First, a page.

For This Place Thomas Struth concentrated on subjects that had long defined his photographic practice—portraits, landscape, architecture, and technology—yet he also took on the challenge of making pictures in this specific region of conflict. Without telling a literal story of places and people, Struth’s subtle photographs reveal how personal feelings of anger, love, fear, faith, and doubt are shaped by public history.
The aerial landscapes exhibited by Fazal Sheikh form part of the series Desert Bloom, which explores the traumatic legacy of the 1948 Arab-Israeli war. Flying above the Negev Desert, Sheikh photographed sites of existing and former villages of the Bedouin, a traditionally nomadic people who have lived there for more than five hundred years.
Gilles Peress documents the impact of the Israeli-Palestinian conflict on everyday human lives in his photographs of Israel and the West Bank. As in his past work from conflict zones in Northern Ireland, Rwanda, and Bosnia, he uses photography as a means of understanding reality, beyond the media’s calculated presentation of social and political situations.
February 12–June 5, 2016
This Place explores the complexity of Israel and the West Bank, as place and metaphor, through the eyes of twelve internationally acclaimed photographers.
Featuring more than 600 photographs by Frédéric Brenner, Wendy Ewald, Martin Kollar, Josef Koudelka, Jungjin Lee, Gilles Peress, Fazal Sheikh, Stephen Shore, Rosalind Fox Solomon, Thomas Struth, Jeff Wall, and Nick Waplington, This Place offers not a single, monolithic vision, but rather an intricate and fragmented portrait, alive to all the rifts and paradoxes of this important and much contested place.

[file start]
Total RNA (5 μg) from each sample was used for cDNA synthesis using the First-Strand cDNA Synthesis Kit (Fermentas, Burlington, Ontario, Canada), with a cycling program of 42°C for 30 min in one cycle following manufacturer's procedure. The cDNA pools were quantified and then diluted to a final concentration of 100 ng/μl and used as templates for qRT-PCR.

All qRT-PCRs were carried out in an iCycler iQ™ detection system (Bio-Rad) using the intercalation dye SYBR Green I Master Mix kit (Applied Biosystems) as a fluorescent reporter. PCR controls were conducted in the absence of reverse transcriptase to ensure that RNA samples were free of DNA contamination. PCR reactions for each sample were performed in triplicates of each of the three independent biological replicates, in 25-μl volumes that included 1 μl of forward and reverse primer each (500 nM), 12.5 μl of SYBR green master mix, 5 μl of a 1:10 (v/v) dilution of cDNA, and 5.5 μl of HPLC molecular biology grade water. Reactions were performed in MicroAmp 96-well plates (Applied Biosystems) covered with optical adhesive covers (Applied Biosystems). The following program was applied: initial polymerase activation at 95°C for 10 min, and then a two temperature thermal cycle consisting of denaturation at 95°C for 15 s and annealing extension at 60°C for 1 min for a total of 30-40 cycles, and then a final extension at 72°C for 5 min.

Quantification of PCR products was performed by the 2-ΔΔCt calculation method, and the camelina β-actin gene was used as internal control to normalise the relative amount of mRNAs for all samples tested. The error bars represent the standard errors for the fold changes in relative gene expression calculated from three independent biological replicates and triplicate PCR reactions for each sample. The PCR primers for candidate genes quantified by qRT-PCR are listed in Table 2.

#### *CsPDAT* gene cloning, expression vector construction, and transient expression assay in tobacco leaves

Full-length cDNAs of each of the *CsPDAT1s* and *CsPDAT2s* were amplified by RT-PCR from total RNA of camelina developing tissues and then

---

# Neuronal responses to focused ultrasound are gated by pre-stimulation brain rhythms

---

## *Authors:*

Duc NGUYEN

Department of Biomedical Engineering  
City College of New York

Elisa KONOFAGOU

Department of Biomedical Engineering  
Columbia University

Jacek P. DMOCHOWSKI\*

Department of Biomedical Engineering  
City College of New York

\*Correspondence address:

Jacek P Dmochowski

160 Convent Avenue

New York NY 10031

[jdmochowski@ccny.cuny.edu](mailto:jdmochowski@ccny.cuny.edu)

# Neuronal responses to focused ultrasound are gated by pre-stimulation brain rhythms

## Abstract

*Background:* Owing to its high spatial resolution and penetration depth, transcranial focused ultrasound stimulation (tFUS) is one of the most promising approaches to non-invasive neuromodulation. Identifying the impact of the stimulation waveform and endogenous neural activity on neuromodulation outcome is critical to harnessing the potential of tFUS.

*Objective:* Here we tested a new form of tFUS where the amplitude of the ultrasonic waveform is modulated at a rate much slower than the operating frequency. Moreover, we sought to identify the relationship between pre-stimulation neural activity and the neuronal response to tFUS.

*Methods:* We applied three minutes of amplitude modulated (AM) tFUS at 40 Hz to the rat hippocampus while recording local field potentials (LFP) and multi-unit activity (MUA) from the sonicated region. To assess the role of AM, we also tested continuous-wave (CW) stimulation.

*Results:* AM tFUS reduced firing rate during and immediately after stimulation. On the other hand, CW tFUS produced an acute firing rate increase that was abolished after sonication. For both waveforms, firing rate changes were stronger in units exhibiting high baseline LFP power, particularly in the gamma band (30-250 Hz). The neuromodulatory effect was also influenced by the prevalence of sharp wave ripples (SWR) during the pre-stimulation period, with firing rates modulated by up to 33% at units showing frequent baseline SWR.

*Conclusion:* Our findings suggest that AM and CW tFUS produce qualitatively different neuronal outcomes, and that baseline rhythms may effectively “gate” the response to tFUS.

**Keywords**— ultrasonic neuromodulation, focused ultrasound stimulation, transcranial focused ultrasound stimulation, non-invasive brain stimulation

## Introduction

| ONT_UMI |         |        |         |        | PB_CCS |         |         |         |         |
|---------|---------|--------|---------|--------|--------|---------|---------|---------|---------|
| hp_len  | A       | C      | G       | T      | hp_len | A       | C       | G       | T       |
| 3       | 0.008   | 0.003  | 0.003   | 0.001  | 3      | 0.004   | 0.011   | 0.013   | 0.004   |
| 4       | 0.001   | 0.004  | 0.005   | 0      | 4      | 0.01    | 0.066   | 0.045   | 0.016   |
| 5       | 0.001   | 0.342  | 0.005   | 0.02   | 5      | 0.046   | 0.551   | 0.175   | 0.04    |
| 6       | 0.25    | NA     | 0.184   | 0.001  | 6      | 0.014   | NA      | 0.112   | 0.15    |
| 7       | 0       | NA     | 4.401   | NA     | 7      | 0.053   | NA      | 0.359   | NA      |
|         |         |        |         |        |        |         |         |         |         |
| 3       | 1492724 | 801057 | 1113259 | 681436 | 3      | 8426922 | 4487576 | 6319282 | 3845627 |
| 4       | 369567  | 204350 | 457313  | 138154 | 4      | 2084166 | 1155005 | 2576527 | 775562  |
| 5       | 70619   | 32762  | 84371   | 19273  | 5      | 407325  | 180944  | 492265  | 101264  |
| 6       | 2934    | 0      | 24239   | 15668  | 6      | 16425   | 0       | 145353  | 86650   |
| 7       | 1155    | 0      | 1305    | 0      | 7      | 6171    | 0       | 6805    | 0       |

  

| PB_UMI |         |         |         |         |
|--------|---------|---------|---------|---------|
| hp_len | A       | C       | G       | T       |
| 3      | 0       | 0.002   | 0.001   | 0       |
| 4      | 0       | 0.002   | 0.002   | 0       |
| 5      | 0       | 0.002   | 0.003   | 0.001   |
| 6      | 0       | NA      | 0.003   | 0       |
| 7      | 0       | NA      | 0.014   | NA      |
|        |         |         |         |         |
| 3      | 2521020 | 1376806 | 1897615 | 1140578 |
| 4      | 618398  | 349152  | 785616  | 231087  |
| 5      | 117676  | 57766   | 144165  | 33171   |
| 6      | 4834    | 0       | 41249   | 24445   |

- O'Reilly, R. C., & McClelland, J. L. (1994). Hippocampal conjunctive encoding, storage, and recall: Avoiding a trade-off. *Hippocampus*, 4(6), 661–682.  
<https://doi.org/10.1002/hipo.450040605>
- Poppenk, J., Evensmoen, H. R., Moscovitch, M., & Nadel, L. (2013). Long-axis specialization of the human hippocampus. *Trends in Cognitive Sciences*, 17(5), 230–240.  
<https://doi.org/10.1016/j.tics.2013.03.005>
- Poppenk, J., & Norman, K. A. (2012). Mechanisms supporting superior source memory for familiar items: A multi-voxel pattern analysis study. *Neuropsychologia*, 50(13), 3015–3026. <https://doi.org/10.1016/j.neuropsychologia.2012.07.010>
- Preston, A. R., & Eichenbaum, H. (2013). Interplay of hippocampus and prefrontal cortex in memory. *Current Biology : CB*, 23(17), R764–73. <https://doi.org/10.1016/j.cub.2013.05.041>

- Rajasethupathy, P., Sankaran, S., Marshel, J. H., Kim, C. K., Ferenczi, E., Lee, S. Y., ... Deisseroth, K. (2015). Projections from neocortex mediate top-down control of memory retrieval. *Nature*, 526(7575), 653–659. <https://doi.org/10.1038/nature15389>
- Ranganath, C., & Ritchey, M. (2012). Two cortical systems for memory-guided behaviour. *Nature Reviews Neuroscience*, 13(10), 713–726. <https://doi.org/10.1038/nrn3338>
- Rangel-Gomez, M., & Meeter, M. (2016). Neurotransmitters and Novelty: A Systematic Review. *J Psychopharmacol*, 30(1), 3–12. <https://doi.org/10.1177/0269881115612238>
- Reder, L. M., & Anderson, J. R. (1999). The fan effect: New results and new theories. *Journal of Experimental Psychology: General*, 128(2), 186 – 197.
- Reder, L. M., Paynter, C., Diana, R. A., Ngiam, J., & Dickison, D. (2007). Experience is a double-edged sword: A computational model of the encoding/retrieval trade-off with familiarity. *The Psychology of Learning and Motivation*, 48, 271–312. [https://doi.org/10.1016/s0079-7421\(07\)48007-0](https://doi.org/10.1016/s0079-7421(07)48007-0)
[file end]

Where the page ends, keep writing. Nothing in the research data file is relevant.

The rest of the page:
Between 2009 and 2012, the twelve artists spent extended periods in Israel and the West Bank, free to approach their subjects as they chose. They travelled throughout the region and engaged with a remarkable variety of individuals and communities. While the exhibition presents twelve distinct perspectives, several key themes emerged, such as family, identity, home, and landscape and the environment. At the same time, the Israeli-Palestinian conflict is impossible to ignore and leaves its mark on many of the images, often in ways that are not immediately apparent.
The exhibition challenges viewers to go beyond the polarizing narratives and familiar images of the region found in mainstream media. The result is a deeply humanistic and nuanced examination that reminds us of the place of art, not as an illustration of conflict, but as a platform for raising questions and engaging viewers in a conversation.
An illustrated catalogue, published by MACK, accompanies the exhibition.
This Place is organized by Chronicle of a People Foundation, Inc., New York, and the tour is managed by Curatorial Assistance, Pasadena, California. The exhibition was curated by Charlotte Cotton. The Brooklyn presentation is organized by Cora Michael, Associate Curator of Exhibitions, Brooklyn Museum. For more information, visit the This Place project website.
Support for the Brooklyn Museum presentation is provided by the Laurie M. Tisch Illumination Fund, the Joseph S and Diane H Steinberg Charitable Trust, the Bertha and Isaac Liberman Foundation, Michèle Gerber Klein, The Robert Mapplethorpe Foundation, Jerome and Ellen Stern, and the Martha A. and Robert S. Rubin Exhibition Fund.